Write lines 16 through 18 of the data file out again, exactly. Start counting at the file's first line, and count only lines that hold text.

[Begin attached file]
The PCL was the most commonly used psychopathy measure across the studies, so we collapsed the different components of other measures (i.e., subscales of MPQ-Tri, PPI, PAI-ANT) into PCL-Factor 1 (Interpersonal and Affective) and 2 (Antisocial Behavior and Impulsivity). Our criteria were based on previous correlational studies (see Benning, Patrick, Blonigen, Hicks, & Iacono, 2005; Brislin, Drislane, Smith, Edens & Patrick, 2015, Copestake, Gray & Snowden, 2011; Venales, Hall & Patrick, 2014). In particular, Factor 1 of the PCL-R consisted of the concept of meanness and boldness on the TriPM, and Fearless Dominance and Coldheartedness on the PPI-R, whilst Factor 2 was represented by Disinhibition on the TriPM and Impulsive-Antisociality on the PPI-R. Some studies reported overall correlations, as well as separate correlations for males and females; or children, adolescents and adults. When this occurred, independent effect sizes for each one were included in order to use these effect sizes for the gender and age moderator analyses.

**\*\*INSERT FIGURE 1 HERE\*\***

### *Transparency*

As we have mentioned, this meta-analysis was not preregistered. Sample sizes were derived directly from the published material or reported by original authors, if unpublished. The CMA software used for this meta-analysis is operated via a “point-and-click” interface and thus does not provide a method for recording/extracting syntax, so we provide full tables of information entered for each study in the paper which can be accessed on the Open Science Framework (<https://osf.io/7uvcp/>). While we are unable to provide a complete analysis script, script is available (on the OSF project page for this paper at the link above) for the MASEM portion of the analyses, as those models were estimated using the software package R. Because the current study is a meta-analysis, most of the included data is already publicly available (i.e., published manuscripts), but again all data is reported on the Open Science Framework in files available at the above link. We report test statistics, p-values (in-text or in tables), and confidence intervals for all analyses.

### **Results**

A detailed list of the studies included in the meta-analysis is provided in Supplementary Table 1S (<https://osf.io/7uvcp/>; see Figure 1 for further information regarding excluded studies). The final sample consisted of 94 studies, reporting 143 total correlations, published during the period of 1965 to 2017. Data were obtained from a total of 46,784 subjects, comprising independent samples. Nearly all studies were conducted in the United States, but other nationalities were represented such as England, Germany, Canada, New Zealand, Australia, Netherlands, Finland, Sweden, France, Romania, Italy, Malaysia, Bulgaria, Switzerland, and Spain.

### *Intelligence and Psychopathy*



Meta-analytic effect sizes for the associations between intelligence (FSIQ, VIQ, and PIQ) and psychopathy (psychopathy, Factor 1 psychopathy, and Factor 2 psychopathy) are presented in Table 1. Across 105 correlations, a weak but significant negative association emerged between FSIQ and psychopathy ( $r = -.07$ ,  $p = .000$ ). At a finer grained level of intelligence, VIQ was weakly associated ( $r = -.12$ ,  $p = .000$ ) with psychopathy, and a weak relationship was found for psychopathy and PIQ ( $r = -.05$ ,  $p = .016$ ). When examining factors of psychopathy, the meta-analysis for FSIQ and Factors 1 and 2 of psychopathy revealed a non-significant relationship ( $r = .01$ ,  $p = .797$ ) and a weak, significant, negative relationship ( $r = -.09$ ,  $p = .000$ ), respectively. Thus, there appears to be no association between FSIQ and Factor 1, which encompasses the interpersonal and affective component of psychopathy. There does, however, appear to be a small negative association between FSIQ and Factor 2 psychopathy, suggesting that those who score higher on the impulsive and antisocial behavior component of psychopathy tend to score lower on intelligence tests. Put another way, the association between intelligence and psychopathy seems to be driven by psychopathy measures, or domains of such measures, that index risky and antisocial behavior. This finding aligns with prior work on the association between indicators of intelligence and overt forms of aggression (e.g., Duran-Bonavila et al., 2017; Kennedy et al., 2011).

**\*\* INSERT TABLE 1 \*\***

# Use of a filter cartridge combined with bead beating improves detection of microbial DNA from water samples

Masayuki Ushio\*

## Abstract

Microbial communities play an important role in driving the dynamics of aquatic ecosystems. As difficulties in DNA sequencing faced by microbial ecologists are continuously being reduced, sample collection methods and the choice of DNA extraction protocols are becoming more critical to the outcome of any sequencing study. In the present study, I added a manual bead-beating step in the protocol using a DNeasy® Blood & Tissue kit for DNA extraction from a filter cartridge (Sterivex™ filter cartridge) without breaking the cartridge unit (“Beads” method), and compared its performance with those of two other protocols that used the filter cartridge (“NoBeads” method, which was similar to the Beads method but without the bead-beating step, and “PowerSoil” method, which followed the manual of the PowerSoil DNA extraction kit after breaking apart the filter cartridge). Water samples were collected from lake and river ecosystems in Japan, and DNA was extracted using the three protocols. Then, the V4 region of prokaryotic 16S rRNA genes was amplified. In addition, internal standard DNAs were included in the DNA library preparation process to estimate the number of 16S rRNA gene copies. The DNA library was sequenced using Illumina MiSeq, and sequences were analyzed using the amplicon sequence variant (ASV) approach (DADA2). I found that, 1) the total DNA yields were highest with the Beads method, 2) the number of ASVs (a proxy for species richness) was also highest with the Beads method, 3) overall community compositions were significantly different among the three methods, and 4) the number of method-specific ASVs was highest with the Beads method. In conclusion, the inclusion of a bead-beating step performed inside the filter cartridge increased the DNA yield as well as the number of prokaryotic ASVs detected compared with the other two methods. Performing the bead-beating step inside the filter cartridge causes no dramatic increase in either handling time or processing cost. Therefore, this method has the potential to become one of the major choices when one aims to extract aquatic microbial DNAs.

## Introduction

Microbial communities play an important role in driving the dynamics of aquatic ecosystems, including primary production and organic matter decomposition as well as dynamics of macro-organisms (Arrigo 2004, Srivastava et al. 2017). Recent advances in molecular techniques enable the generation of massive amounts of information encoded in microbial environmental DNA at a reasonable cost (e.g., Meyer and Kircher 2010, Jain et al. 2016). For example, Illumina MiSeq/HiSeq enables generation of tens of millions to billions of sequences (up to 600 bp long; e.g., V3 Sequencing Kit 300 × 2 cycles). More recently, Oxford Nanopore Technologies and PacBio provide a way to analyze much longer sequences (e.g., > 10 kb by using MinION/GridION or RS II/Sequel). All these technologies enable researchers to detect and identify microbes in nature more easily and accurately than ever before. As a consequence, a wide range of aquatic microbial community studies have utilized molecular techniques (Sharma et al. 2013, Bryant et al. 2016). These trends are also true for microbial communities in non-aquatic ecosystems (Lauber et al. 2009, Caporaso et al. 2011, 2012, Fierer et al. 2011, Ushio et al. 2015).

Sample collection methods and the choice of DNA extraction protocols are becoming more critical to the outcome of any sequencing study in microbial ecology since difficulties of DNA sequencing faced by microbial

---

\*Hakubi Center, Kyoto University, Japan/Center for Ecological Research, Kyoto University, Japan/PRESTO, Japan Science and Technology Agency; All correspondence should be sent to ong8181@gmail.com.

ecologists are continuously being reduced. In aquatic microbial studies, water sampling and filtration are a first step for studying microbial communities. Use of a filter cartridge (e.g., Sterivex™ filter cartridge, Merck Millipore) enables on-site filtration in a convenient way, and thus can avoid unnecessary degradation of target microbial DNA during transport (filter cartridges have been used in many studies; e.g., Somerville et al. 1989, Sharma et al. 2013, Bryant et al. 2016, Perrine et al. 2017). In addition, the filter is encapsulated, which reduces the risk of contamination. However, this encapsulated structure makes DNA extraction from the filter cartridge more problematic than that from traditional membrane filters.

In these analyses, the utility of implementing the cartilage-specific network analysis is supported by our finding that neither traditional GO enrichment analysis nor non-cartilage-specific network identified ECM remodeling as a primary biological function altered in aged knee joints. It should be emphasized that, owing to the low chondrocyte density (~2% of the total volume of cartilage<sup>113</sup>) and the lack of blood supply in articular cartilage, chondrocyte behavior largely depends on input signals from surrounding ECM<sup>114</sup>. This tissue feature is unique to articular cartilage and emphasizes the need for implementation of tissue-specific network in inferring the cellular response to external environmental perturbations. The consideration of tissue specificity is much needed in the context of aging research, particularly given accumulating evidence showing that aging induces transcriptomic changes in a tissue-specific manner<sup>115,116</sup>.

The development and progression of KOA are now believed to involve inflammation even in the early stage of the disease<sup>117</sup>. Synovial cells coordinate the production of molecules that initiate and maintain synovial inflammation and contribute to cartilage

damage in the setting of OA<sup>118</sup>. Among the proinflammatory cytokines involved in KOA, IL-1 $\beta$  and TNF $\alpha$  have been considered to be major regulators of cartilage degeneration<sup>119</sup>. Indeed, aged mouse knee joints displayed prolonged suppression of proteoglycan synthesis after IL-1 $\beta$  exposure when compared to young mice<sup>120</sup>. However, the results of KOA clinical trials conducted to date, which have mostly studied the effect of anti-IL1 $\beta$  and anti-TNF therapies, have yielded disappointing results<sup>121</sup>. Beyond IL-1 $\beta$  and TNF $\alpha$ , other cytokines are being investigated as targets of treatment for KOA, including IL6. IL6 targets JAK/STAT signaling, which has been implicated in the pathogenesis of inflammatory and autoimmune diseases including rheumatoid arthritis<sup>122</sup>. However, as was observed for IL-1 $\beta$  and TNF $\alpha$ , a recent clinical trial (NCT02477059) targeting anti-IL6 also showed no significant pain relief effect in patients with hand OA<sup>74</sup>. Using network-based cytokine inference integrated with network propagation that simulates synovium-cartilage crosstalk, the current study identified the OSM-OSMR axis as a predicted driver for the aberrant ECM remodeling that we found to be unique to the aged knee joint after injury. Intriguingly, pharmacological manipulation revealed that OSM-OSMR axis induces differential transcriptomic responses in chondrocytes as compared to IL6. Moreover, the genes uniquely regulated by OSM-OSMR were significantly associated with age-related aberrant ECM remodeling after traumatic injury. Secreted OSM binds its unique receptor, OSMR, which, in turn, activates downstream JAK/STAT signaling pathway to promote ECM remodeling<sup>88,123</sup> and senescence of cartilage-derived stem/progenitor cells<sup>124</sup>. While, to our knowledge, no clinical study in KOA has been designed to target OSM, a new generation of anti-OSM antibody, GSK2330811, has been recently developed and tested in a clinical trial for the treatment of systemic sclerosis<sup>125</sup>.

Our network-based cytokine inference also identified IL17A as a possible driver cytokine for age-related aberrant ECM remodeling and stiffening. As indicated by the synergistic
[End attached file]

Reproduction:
Sample collection methods and the choice of DNA extraction protocols are becoming more critical to the outcome of any sequencing study in microbial ecology since difficulties of DNA sequencing faced by microbial

---

\*Hakubi Center, Kyoto University, Japan/Center for Ecological Research, Kyoto University, Japan/PRESTO, Japan Science and Technology Agency; All correspondence should be sent to ong8181@gmail.com.